Newspaper Archive of
Lassen County Times
Susanville, California
Lyft
July 11, 2000     Lassen County Times
PAGE 27     (27 of 76 available)        PREVIOUS     NEXT      Full Size Image
 
PAGE 27     (27 of 76 available)        PREVIOUS     NEXT      Full Size Image
July 11, 2000
 

Newspaper Archive of Lassen County Times produced by SmallTownPapers, Inc.
Website © 2018. All content copyrighted. Copyright Information.     Terms Of Use.     Request Content Removal.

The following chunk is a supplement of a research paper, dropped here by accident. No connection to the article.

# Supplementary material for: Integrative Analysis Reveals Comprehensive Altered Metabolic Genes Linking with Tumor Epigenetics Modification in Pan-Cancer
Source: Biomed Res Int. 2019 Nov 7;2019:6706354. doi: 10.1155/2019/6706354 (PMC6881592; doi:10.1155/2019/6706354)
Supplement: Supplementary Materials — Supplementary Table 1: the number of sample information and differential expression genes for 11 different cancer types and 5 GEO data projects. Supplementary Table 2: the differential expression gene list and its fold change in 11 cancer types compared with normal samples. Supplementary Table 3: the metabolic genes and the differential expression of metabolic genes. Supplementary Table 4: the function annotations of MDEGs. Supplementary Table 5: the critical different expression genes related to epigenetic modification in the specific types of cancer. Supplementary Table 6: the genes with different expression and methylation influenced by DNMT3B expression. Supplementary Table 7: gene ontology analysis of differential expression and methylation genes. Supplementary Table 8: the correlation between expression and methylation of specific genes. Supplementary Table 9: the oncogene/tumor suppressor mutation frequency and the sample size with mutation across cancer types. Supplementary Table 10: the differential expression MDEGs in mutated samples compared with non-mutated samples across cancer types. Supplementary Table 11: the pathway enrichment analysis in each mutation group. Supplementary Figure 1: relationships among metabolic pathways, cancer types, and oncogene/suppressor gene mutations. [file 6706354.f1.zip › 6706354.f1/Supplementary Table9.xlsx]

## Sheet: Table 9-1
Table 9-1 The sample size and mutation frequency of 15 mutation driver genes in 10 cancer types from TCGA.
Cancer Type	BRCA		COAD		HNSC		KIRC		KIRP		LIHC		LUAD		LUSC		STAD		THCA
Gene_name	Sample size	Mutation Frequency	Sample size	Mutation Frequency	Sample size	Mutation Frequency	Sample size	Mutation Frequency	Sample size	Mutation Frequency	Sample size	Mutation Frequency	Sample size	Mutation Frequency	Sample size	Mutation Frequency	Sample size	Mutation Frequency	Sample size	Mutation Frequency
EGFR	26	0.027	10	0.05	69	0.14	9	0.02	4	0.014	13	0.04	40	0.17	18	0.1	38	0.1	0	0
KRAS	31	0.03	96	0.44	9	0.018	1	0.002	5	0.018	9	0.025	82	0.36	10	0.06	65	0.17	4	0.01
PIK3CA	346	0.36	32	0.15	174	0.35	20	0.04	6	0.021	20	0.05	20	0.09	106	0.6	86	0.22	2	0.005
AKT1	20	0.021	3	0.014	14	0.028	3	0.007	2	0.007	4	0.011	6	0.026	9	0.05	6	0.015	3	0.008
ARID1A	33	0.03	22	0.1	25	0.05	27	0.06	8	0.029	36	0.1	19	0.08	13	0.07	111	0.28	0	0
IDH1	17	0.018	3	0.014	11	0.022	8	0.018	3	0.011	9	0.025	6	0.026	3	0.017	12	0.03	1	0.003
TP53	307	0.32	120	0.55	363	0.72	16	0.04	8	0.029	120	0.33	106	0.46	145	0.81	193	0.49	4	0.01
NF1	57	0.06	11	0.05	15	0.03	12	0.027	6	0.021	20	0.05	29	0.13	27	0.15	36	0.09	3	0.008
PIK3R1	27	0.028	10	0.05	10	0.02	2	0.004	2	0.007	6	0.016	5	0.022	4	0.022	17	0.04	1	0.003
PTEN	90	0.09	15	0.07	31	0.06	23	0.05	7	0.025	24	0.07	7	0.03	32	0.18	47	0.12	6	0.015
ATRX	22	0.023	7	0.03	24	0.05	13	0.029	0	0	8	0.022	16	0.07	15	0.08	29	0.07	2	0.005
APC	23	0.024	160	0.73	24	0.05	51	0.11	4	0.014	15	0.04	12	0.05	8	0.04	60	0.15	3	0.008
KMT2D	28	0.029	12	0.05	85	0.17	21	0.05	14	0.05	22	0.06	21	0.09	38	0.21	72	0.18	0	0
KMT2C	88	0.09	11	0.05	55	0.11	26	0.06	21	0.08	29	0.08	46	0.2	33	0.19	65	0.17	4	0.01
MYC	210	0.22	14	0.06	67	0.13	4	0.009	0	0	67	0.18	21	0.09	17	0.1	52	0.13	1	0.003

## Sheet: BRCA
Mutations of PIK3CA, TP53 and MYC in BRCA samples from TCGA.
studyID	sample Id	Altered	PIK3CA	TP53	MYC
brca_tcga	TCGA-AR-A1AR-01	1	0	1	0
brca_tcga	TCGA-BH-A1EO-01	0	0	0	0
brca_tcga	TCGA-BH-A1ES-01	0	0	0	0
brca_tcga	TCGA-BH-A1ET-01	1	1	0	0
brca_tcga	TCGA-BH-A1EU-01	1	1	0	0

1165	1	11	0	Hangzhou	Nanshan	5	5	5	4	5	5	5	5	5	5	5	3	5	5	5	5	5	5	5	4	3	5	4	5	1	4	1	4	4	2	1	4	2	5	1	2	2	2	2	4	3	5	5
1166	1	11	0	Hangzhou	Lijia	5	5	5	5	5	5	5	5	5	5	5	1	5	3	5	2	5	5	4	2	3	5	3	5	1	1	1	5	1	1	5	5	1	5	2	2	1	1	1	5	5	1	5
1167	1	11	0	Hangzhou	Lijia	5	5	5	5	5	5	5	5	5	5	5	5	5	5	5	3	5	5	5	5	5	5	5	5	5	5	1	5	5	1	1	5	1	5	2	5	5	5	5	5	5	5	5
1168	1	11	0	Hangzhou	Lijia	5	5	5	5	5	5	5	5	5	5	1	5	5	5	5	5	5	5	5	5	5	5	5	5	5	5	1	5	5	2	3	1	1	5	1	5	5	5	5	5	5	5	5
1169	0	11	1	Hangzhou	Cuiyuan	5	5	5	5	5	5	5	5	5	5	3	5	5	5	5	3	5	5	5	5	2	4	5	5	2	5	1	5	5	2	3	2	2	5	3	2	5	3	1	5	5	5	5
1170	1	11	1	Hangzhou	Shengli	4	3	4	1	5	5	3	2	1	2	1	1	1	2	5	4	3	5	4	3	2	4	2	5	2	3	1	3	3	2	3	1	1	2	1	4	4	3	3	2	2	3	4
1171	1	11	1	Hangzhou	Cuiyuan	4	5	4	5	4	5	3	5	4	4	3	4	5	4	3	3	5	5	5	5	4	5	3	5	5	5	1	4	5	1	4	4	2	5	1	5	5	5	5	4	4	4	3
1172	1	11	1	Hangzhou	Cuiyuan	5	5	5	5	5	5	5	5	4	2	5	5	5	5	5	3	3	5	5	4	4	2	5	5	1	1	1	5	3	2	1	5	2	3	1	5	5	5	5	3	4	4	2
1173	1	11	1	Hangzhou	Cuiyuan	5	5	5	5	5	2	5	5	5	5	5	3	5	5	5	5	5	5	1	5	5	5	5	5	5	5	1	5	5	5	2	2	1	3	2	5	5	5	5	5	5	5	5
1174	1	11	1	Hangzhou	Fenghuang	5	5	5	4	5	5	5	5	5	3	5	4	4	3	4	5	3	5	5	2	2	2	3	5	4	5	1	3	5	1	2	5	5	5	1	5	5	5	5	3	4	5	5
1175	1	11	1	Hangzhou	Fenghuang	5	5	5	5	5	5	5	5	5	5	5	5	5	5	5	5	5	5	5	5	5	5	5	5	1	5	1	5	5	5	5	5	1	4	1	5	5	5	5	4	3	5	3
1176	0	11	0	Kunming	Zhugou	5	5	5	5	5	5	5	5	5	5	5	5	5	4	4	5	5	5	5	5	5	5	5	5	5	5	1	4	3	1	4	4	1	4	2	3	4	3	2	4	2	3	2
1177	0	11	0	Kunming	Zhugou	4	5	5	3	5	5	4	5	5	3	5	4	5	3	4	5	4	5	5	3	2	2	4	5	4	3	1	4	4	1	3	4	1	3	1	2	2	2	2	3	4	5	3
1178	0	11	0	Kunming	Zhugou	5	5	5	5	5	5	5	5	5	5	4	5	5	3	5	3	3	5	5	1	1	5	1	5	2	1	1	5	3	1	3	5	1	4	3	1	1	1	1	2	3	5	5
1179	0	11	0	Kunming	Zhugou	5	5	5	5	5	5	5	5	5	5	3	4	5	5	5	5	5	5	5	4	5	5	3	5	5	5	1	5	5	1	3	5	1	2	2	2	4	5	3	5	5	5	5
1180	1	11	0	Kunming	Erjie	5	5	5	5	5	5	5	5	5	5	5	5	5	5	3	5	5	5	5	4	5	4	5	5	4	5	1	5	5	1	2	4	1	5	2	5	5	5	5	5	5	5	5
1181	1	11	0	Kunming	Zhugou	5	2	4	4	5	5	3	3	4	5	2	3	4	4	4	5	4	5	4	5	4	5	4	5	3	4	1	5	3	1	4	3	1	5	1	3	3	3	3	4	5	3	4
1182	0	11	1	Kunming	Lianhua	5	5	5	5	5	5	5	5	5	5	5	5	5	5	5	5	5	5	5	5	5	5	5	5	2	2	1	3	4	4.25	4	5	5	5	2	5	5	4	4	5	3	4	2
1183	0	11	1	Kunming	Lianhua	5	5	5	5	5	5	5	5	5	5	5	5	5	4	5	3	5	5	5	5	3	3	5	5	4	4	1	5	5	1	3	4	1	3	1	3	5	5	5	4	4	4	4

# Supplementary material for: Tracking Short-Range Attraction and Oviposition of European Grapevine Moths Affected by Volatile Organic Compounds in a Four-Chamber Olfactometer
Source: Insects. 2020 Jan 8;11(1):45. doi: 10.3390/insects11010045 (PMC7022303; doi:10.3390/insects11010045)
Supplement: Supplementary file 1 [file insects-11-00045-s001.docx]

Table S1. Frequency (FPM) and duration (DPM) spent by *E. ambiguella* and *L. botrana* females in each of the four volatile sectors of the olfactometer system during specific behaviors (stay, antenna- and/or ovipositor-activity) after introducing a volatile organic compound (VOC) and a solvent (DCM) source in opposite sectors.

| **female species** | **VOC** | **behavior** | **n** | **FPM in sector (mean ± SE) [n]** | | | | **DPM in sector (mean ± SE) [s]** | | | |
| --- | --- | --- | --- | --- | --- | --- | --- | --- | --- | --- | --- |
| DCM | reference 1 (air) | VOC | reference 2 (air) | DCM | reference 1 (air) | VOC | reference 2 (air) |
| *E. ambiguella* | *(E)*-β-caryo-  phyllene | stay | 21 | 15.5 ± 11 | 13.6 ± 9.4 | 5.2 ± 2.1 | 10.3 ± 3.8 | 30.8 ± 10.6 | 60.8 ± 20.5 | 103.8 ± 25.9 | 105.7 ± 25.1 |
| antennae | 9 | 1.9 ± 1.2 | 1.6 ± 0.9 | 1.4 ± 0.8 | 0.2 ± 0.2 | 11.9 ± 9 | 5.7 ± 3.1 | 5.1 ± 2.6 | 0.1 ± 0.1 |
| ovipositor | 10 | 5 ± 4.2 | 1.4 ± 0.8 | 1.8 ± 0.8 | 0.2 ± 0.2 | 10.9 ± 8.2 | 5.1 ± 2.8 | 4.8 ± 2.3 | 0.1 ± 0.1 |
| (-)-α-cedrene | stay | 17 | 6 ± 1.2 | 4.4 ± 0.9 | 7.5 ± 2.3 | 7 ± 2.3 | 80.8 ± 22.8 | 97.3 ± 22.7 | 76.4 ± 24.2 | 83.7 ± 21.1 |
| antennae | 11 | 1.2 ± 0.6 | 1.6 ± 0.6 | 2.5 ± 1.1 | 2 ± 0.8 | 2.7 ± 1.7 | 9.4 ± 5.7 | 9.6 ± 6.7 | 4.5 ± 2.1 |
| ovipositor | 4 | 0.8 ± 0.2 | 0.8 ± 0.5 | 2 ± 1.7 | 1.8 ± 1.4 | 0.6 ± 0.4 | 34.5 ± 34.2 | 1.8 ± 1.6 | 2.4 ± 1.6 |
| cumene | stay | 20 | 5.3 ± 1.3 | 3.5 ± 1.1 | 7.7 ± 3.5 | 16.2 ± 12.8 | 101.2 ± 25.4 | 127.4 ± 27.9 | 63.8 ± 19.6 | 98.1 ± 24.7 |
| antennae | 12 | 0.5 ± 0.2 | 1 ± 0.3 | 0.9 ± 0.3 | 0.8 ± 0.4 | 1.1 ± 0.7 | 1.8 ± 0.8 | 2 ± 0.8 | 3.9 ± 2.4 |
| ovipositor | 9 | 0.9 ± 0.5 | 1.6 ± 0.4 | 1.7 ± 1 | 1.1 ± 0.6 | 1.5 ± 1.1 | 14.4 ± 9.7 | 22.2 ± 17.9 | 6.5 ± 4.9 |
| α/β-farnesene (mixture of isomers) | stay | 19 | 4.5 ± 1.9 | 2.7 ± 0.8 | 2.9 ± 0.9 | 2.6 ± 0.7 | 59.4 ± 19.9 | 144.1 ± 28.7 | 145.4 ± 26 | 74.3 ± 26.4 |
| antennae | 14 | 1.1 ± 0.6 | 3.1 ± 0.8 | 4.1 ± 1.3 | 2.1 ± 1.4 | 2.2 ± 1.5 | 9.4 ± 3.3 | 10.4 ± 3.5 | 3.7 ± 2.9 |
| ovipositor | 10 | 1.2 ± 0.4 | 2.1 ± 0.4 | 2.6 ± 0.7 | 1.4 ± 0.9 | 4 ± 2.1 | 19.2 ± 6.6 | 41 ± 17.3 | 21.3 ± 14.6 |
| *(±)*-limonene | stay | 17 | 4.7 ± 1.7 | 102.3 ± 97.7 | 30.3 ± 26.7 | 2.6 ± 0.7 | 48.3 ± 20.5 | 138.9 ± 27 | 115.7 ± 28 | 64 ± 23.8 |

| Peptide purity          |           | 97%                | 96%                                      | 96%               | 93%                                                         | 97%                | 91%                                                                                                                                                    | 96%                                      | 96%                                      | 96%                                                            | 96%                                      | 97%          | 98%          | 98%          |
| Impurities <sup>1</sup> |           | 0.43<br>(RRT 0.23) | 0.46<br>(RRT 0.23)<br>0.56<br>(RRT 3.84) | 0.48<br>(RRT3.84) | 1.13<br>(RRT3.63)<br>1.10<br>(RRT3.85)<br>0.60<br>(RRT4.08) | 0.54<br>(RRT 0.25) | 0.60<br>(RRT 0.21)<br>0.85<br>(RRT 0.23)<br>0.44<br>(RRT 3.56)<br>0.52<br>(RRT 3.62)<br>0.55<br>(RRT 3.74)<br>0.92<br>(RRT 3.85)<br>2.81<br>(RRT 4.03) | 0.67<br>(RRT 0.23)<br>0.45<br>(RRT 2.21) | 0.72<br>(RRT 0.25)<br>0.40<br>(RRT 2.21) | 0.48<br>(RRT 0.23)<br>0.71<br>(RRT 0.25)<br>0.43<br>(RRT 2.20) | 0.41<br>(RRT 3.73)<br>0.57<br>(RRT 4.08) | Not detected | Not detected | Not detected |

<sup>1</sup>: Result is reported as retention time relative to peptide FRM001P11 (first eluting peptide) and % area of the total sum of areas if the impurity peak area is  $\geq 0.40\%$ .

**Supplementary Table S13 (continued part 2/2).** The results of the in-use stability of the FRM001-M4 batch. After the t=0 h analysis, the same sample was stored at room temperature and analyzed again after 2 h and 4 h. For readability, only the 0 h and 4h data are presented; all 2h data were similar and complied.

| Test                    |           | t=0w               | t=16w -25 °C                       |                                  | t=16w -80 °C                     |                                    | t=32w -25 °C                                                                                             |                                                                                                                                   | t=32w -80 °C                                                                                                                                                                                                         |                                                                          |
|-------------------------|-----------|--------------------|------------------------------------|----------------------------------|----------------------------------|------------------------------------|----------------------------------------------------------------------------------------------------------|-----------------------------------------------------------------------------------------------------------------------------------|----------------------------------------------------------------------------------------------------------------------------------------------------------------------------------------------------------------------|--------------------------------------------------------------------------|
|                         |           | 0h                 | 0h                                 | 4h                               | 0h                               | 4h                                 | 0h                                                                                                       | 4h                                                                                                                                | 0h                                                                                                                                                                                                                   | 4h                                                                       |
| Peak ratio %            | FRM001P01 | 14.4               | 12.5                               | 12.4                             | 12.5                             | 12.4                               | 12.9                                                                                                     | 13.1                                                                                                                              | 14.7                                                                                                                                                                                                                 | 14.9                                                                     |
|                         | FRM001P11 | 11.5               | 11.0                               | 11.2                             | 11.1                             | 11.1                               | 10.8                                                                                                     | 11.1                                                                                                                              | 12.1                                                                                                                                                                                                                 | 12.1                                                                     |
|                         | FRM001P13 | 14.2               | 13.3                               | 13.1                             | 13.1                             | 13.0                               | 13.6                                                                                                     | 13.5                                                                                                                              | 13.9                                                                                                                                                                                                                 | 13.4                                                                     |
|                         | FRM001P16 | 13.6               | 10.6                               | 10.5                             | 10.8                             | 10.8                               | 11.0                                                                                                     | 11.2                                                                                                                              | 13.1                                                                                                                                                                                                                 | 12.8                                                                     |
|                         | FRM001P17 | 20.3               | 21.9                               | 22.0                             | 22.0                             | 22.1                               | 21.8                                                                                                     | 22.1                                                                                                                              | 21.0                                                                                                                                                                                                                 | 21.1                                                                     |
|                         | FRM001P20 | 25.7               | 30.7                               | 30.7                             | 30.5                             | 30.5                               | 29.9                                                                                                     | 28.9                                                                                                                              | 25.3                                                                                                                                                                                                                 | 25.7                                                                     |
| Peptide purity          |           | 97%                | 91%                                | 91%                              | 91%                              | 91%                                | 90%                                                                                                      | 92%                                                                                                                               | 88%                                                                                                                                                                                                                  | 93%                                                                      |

I County Times/Westwood PinePress W m Tuesday, July 11,2000 11B Len Hal Wright was iag up, he had no idea 'Ould become known kd the world or that he I end up publishing his ramunity newspaper. rold "Hal" Berton ht Passed away June }0O_ at his residence in !ton, surrounded by e loved, o ight was born in S,=n :isco April 1, 1904, to Y and Lillian (Brandt) t. i graduated from Paso B High School in Paso daughter, Jan ,.aid her dad was very received a foot- p to St. Igna- ity mourns the loss of beloved publisher cious College's law school, now the University of San Francisco. He also participated in track and basketball and was a member of the Atlas Club of Oakland. After graduation Wright worked for a manufacturing company in Oakland until the company decided to pull stakes and move to the east. At that point Wright head- ed for the hills and tried his hand at mining, living for a while in French Corral, A1- leghany and Nevada City. After being injured by falling down a mine shaft, Wright gave up mining and returned to sport where he played semiprofessional bas- ketball for a Nevada City team. he!p for Lassen lty job seekers While in Nevada City, Wright took a job at the Nevada City Nugget, the lo- cal newspaper, where he helped in the shop and wrote articles. Wright moved to Loyalton and published the first edi- tion of the Sierra Booster in October 1949. Along with his wife, Al- lene, "Sweetie Pie," he raised three children. His son Maynard Wright resides in Citrus Heights, Calif., and daughters Lori Wright and Janice Buck live in Loyalton. Wright was a strong be- liever in customer service and demanded that his pa- per be delivered on time. Even a paralyzing snow- storm in 1953 did not stop Wright from getting his pa- per to the printer in Auburn. Strapping on a pair of long boards, Wright skied from Loyalton to Sierra City, where he found a car and made it to Auburn in time to meet tle deadline. As a result of the Sierra Booster and Wright's love of flying, he became famous around the world. When the papers came off the press, Wright would load them up and head for the Nervino Airport in Beck- wourth. The Sierra Valley covers a large area with several ranches miles apart from one another. Delivering papers to each ranch house by car was dusty, bumpy and not at all what Wright wanted to do. Instead he would fly low over the ranches and throw the papers out of the plane, not always on the mark. But valley ranchers looked forward to hearing the buzz of Wright's plane and soon word spread about his un- orthodox way of getting his papers delivered. Stories about him have ap- peared in such publications as the Wall Street Journal, National Geographic and others. Journalists from as far away as Japan and Ger- many have visited Wright's small mountain community to interview the amazing man. It was probably inevitable that once Wright first took flight that he would make a name for himself in the air, following in the footsteps of his famous relatives Orville and Wilbur Wright. In 1995 the FAA refused to renew his license because of his age, but Wright fought back, passing all the medical tests and other hoops he was forced to jump through--and he won. Wright was a member of the Flying Rotarian, the United Flying Octogenarian and a 50-year member of the Rotary Club. Wright's best friend and soulmate, Sweetie Pie, passed away in January and brother, Kenneth, preceded him in death. In addition to his three children, he is survived by eight grandchildren and two great-grandchildren. "My parents were both wonderful people, and I feel so blessed to have had them in my life," said Jan Buck. Wright's son-in-law, Mike Buck, said he was a colorful man, and there was never a dull moment. "We will greatly miss him," he said. A memorial service will be held Saturday, July 8, from 9 a.m.-noon at the Nervino Beckwourth Airport, High- way 70 in Beckwourth. In lieu of flowers, the fam- ily has established a memo- rial scholarship fund at Placer Sierra Bank, P. O. Box 557, Loyalton, CA 96118. aa effort to help local Lassen Career Susanville's one Ployment center, is of free semi- "signed to help job gainful employ- to Deborah the Alliance for rce Development, a,t LCN, "People often iere looking for guid- 1 issues ranging from better r6sum6s to interviews. The has a wealth of information for 'be who wants job aSsistance, and the earch Seminars will '.PeOple about existing and 'resources, as taching them vaiu- lthey can use ira- Job Search Seminars as a series of that focus on aspects of the em- search. The first of the job Interested must attend e before choosing f the following ses- thev may additionally " Applications, Re- , and/or Interviews. re Application session Pant. will learn how fill out employ-  apP.lications, and will ,l own Master Ap- to take on their job search. The session on re- sumes will show what to- day's employers are looking for, and will discuss the dif- ferences in traditional, hard- copy resumes versus elec- tronic or e-resumes. Partici- pants in the Interviewing session will learn the do's and don'ts of interviewing, and through mock inter- views will become comfort- able with selling themselves to an employer. These semi- nars will be offered monthly, interested participants must register in advance. Running concurrent with the job Search Seminars is the Employment Search Network where job seekers can network with others in similar situations, sharing their challenges and suc- cesses as well as learning which employers are hiring and what positions are available. These networking sessions are highly recom- mended for all job seekers, but especially those who have completed the Job Search Workshops and want to keep the momentr go- ing. The Empt0yment Search Network meets every Tuesday from 9 - 11 a.m. For more information on either of these new offerings, or any other employment-re- lated topics, call Lassen Ca- reer Network at 257-5057 or visit their office at 2545 Main St., Susanville. (:all the Times! 57-5321 Sheets starting at ........ 71149 3/4" 12"x8' white '699 24" 12" ................. '159' sA" NEW 4" X 8' PRODUCT! Natural Oil 4X8 MillCert. S1099 1" 4 X 8 Sanded Shop .... $2499 Port 2x4, per lin. ft .............. 57 2x6, per lin. ft .............. $1 s 4"x4"x8' ,O,T O,FO Cedar Posts SSoL For gate openings up to 51" . ?5699 For gate openings up to 7' .. 282" RAILROAD TIES #1...s10. #2,..s9 's SALE I:WICE8 CASH & CANNY. WHILE 8UPPUE8 LAu"T. Check Out: Out* HOURS SALE ENDS Paas Ch=rge M.F 7am-Spm 7-17-00. tel By Sat. Headquarters BenChsrge! 7:30am- 4pm SALE SUBJECT TO STOCK STORES IN CHICO, ON HAND ,IDERSON & SUSANVILLE 267-5123 FAX 257-3293 702-340 JOHNSTONVILLE RD. SUSANVIM, E LASSEN COM00UNI"TY COLLE6E SUMMER 2000 COURSE OFFERIT465 ,,,,,, For More Information: 251-8819 Course Name Administration of Justice Firearms P.C. 832 Business Keyboarding Level 1 Keyboarding Level 2 Keyboarding Level 3 Keyboarding Level 5 Class Dates Jul 18 - Jul 22 Jul 17 - Jul 27 Ju117 - Jul 27 Jul 17 - Jul 27 Jul 17 - Jul 27 Class Days Tues - Fri, 6 - 10 p.m. & Sat, 8 a.m. - noon & 1 - 5 p.m Mon - Thur, 8 a.m. - noon Mon - Thur, 8 a.m. - 1 p.m. Mon - Thur, 8 a.m. - 1 p.m. Mon - Thur, 8 a.m. -1 p.m. Computer Applications Intro to E-Mail Intro Intemet Search Jul 11 - Jul 18 Jul 20 - Jul 27 Tues & Thur, 6 - 9 p.m. Tues & Thur, 6 - 9 p.m. Early Childhood Education ECE Health/Safety Health Occupations Cardio-Pulmonary Resuscitation (CPR) Spanish 1st Course Spanish Jul 14- Jul 16 Jul 25 Jul 17 - Aug 8 Fri, 5:30 - 9:30 p.m.; Sat, 9 a.m. - noon & 12:30 - 6:30 p.m.; Sun 9 a.m. - 1 p.m. Tues, 8 a.m - 4 p.m Mon - Thur, 8 a.m. - 2 p.m. I County Times/Westwood PinePress W m Tuesday, July 11,2000 11B Len Hal Wright was iag up, he had no idea 'Ould become known kd the world or that he I end up publishing his ramunity newspaper. rold "Hal" Berton ht Passed away June }0O_ at his residence in !ton, surrounded by e loved, o ight was born in S,=n :isco April 1, 1904, to Y and Lillian (Brandt) t. i graduated from Paso B High School in Paso daughter, Jan ,.aid her dad was very received a foot- p to St. Igna- ity mourns the loss of beloved publisher cious College's law school, now the University of San Francisco. He also participated in track and basketball and was a member of the Atlas Club of Oakland. After graduation Wright worked for a manufacturing company in Oakland until the company decided to pull stakes and move to the east. At that point Wright head- ed for the hills and tried his hand at mining, living for a while in French Corral, A1- leghany and Nevada City. After being injured by falling down a mine shaft, Wright gave up mining and returned to sport where he played semiprofessional bas- ketball for a Nevada City team. he!p for Lassen lty job seekers While in Nevada City, Wright took a job at the Nevada City Nugget, the lo- cal newspaper, where he helped in the shop and wrote articles. Wright moved to Loyalton and published the first edi- tion of the Sierra Booster in October 1949. Along with his wife, Al- lene, "Sweetie Pie," he raised three children. His son Maynard Wright resides in Citrus Heights, Calif., and daughters Lori Wright and Janice Buck live in Loyalton. Wright was a strong be- liever in customer service and demanded that his pa- per be delivered on time. Even a paralyzing snow- storm in 1953 did not stop Wright from getting his pa- per to the printer in Auburn. Strapping on a pair of long boards, Wright skied from Loyalton to Sierra City, where he found a car and made it to Auburn in time to meet tle deadline. As a result of the Sierra Booster and Wright's love of flying, he became famous around the world. When the papers came off the press, Wright would load them up and head for the Nervino Airport in Beck- wourth. The Sierra Valley covers a large area with several ranches miles apart from one another. Delivering papers to each ranch house by car was dusty, bumpy and not at all what Wright wanted to do. Instead he would fly low over the ranches and throw the papers out of the plane, not always on the mark. But valley ranchers looked forward to hearing the buzz of Wright's plane and soon word spread about his un- orthodox way of getting his papers delivered. Stories about him have ap- peared in such publications as the Wall Street Journal, National Geographic and others. Journalists from as far away as Japan and Ger- many have visited Wright's small mountain community to interview the amazing man. It was probably inevitable that once Wright first took flight that he would make a name for himself in the air, following in the footsteps of his famous relatives Orville and Wilbur Wright. In 1995 the FAA refused to renew his license because of his age, but Wright fought back, passing all the medical tests and other hoops he was forced to jump through--and he won. Wright was a member of the Flying Rotarian, the United Flying Octogenarian and a 50-year member of the Rotary Club. Wright's best friend and soulmate, Sweetie Pie, passed away in January and brother, Kenneth, preceded him in death. In addition to his three children, he is survived by eight grandchildren and two great-grandchildren. "My parents were both wonderful people, and I feel so blessed to have had them in my life," said Jan Buck. Wright's son-in-law, Mike Buck, said he was a colorful man, and there was never a dull moment. "We will greatly miss him," he said. A memorial service will be held Saturday, July 8, from 9 a.m.-noon at the Nervino Beckwourth Airport, High- way 70 in Beckwourth. In lieu of flowers, the fam- ily has established a memo- rial scholarship fund at Placer Sierra Bank, P. O. Box 557, Loyalton, CA 96118. aa effort to help local Lassen Career Susanville's one Ployment center, is of free semi- "signed to help job gainful employ- to Deborah the Alliance for rce Development, a,t LCN, "People often iere looking for guid- 1 issues ranging from better r6sum6s to interviews. The has a wealth of information for 'be who wants job aSsistance, and the earch Seminars will '.PeOple about existing and 'resources, as taching them vaiu- lthey can use ira- Job Search Seminars as a series of that focus on aspects of the em- search. The first of the job Interested must attend e before choosing f the following ses- thev may additionally " Applications, Re- , and/or Interviews. re Application session Pant. will learn how fill out employ-  apP.lications, and will ,l own Master Ap- to take on their job search. The session on re- sumes will show what to- day's employers are looking for, and will discuss the dif- ferences in traditional, hard- copy resumes versus elec- tronic or e-resumes. Partici- pants in the Interviewing session will learn the do's and don'ts of interviewing, and through mock inter- views will become comfort- able with selling themselves to an employer. These semi- nars will be offered monthly, interested participants must register in advance. Running concurrent with the job Search Seminars is the Employment Search Network where job seekers can network with others in similar situations, sharing their challenges and suc- cesses as well as learning which employers are hiring and what positions are available. These networking sessions are highly recom- mended for all job seekers, but especially those who have completed the Job Search Workshops and want to keep the momentr go- ing. The Empt0yment Search Network meets every Tuesday from 9 - 11 a.m. For more information on either of these new offerings, or any other employment-re- lated topics, call Lassen Ca- reer Network at 257-5057 or visit their office at 2545 Main St., Susanville. (:all the Times! 57-5321 Sheets starting at ........ 71149 3/4" 12"x8' white '699 24" 12" ................. '159' sA" NEW 4" X 8' PRODUCT! Natural Oil 4X8 MillCert. S1099 1" 4 X 8 Sanded Shop .... $2499 Port 2x4, per lin. ft .............. 57 2x6, per lin. ft .............. $1 s 4"x4"x8' ,O,T O,FO Cedar Posts SSoL For gate openings up to 51" . ?5699 For gate openings up to 7' .. 282" RAILROAD TIES #1...s10. #2,..s9 's SALE I:WICE8 CASH & CANNY. WHILE 8UPPUE8 LAu"T. Check Out: Out* HOURS SALE ENDS Plaas Ch=rge M.F 7am-Spm 7-17-00. tel By Sat. Headquarters BenChsrge! 7:30am- 4pm SALE SUBJECT TO STOCK STORES IN CHICO, ON HAND ,IDERSON & SUSANVILLE 267-5123 FAX 257-3293 702-340 JOHNSTONVILLE RD. SUSANVIM, E LASSEN COM00UNI"TY COLLE6E SUMMER 2000 COURSE OFFERIT465 ,,,,,, For More Information: 251-8819 Course Name Administration of Justice Firearms P.C. 832 Business Keyboarding Level 1 Keyboarding Level 2 Keyboarding Level 3 Keyboarding Level 5 Class Dates Jul 18 - Jul 22 Jul 17 - Jul 27 Ju117 - Jul 27 Jul 17 - Jul 27 Jul 17 - Jul 27 Class Days Tues - Fri, 6 - 10 p.m. & Sat, 8 a.m. - noon & 1 - 5 p.m Mon - Thur, 8 a.m. - noon Mon - Thur, 8 a.m. - 1 p.m. Mon - Thur, 8 a.m. - 1 p.m. Mon - Thur, 8 a.m. -1 p.m. Computer Applications Intro to E-Mail Intro Intemet Search Jul 11 - Jul 18 Jul 20 - Jul 27 Tues & Thur, 6 - 9 p.m. Tues & Thur, 6 - 9 p.m. Early Childhood Education ECE Health/Safety Health Occupations Cardio-Pulmonary Resuscitation (CPR) Spanish 1st Course Spanish Jul 14- Jul 16 Jul 25 Jul 17 - Aug 8 Fri, 5:30 - 9:30 p.m.; Sat, 9 a.m. - noon & 12:30 - 6:30 p.m.; Sun 9 a.m. - 1 p.m. Tues, 8 a.m - 4 p.m Mon - Thur, 8 a.m. - 2 p.m.